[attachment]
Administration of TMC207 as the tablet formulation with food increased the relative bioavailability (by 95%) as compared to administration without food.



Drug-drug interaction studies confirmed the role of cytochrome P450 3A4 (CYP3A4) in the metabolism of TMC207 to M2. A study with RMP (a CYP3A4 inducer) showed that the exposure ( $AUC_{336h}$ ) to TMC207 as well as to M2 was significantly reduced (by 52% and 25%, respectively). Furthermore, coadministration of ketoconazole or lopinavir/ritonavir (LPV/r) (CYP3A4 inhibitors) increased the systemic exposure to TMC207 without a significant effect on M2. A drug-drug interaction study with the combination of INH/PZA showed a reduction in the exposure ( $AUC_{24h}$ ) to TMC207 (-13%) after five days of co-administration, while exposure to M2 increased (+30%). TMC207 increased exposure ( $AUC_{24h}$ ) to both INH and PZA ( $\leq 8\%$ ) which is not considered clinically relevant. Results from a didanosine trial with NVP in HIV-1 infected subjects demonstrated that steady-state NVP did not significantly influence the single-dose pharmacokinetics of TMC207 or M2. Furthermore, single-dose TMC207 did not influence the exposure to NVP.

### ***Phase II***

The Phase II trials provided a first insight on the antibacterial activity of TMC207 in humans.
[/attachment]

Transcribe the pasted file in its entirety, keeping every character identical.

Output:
Administration of TMC207 as the tablet formulation with food increased the relative bioavailability (by 95%) as compared to administration without food.



Drug-drug interaction studies confirmed the role of cytochrome P450 3A4 (CYP3A4) in the metabolism of TMC207 to M2. A study with RMP (a CYP3A4 inducer) showed that the exposure ( $AUC_{336h}$ ) to TMC207 as well as to M2 was significantly reduced (by 52% and 25%, respectively). Furthermore, coadministration of ketoconazole or lopinavir/ritonavir (LPV/r) (CYP3A4 inhibitors) increased the systemic exposure to TMC207 without a significant effect on M2. A drug-drug interaction study with the combination of INH/PZA showed a reduction in the exposure ( $AUC_{24h}$ ) to TMC207 (-13%) after five days of co-administration, while exposure to M2 increased (+30%). TMC207 increased exposure ( $AUC_{24h}$ ) to both INH and PZA ( $\leq 8\%$ ) which is not considered clinically relevant. Results from a didanosine trial with NVP in HIV-1 infected subjects demonstrated that steady-state NVP did not significantly influence the single-dose pharmacokinetics of TMC207 or M2. Furthermore, single-dose TMC207 did not influence the exposure to NVP.

### ***Phase II***

The Phase II trials provided a first insight on the antibacterial activity of TMC207 in humans.